Romans Chapter 3: The Christian and the Law

Nov 6th, 2009 | By | Category: Romans, Verse by Verse --Studies led by Br. Frank Shallieu (Click on Book name)

Romans Chapter 3: The Christian and the Law

(1998 and 1979)

Rom. 3:1 What advantage then hath the Jew? or what profit is there of circumcision?

“What advantage then hath the Jew?” Why did Paul start with this tone? He was quite severe with the Jewish Christians in the previous chapter, so now they needed some encouragement. He had accused them of being high-minded in their attitude and communication with the Gentile element in the ecclesia. He sensed their reaction, but they were not to take his strong words personally.

“Or what profit is there of circumcision?” Why did Paul phrase the question this way? He talked about circumcision in the previous chapter, saying that a true spiritual Israelite was circumcised inwardly, not outwardly. In addition, he said the ritual of outward circumcision was not that significant in itself, whereas the Jews were using it as a litmus test to show where 30

one stood in the truth. Many Christians down through the Gospel Age have used various tests to try to identify whether one is a heretic or a nonconformist from their view or standpoint.

Rom. 3:2 Much every way: chiefly, because that unto them were committed the oracles of God.

Jewish Christians had “much [advantage] every way,” chiefly because the oracles of God had been committed unto them. They had the Law and the testimony of the prophets, the prophetic writings, whereas the Gentiles had no understanding along that line. The problem was the attitude or frame of mind of those with this advantage. The Law is inherently good, but it is slanted a certain way, as will be discussed later.

Over the years, we have heard a few talks that present the Law as unprofitable and almost injurious for the Christian to study. Different Scriptures are used to try to negate the importance of the Law even from an informational standpoint, whereas a consideration of the Law is profitable for the Christian.

Rom. 3:3 For what if some did not believe? shall their unbelief make the faith of God without effect?

For one thing, the oracles of God and what Paul was teaching were the Word of God. “For what if some did not believe? shall their unbelief [the unbelief of the Judaizing element] make the faith of God without effect?” When the Judaizing element reached not only Rome but Corinth, Galatia, and other ecclesias, quarrels and contentions were the result.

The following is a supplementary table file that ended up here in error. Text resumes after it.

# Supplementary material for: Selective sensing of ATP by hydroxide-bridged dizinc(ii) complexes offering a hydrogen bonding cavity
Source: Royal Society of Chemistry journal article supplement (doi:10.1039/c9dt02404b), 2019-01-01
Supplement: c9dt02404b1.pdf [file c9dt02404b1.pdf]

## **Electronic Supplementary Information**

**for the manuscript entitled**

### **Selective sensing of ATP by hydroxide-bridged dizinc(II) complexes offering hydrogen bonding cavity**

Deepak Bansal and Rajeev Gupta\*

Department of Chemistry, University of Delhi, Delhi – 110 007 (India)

Paul was drawing lessons from the past and giving them a current value in his day. His subsequent argument shows that the gospel of faith was preached even in the Old Testament, but because the minds of the Jews were blinded, they mentally discarded that teaching and kept thinking that one was justified by the Law. And even then, they felt their justification came more from the ceremonial aspects of the Law. Similarly, Roman Catholics think that going through the ceremony of praying to saints, paying for candles, attending Mass, and going to Confession will disannul their sins. But those rituals emphasize ceremonial works in contradistinction to faith and loving God with all one’s heart, mind, soul, and strength, which is the First Commandment. All of the commandments of the Mosaic Law were moral precepts except for the ceremony of observing the sabbath. The so-called Christian correspondency for that commandment is going to church, and for the Jew, it is going to the synagogue on holy days. Much more than ritual is required, for example, obedience to the moral code.

Rom. 3:4 God forbid: yea, let God be true, but every man a liar; as it is written, That thou mightest be justified in thy sayings, and mightest overcome when thou art judged.

“God forbid” that the unbelief of some would make “the faith of God without effect” (verse 3). That would be an impossibility.

The very positive statement “Let God be true, but every man a liar” sounds like Joshua, who said, “As for me and my house, we will serve the LORD” (Josh. 24:15). An example of positive  decision making is when the Levites took a stand and obeyed Moses by killing their brethren who participated in the worship of the golden calf (Exod. 32:26-28). God appreciates a positive stand for righteousness and truth, and such a decision goes a long way toward meeting His approval. Decision making starts primarily with the will. The heart is the seat of emotions, the head is the intellectual aspect, and the reins (the kidneys, the “second heart”) picture the will or purpose. Although sometimes frustrated or inhibited by the weaknesses of the flesh, the will is the underlying factor.

“As it is written [in the Psalms], That thou mightest be justified in thy sayings, and mightest overcome when thou art judged.” God can forgive transgressions if the proper steps are taken and if, in our heart, we hate the sins. Thus there is an arrangement in the gospel dispensation whereby our sins can be covered with Jesus’ righteousness.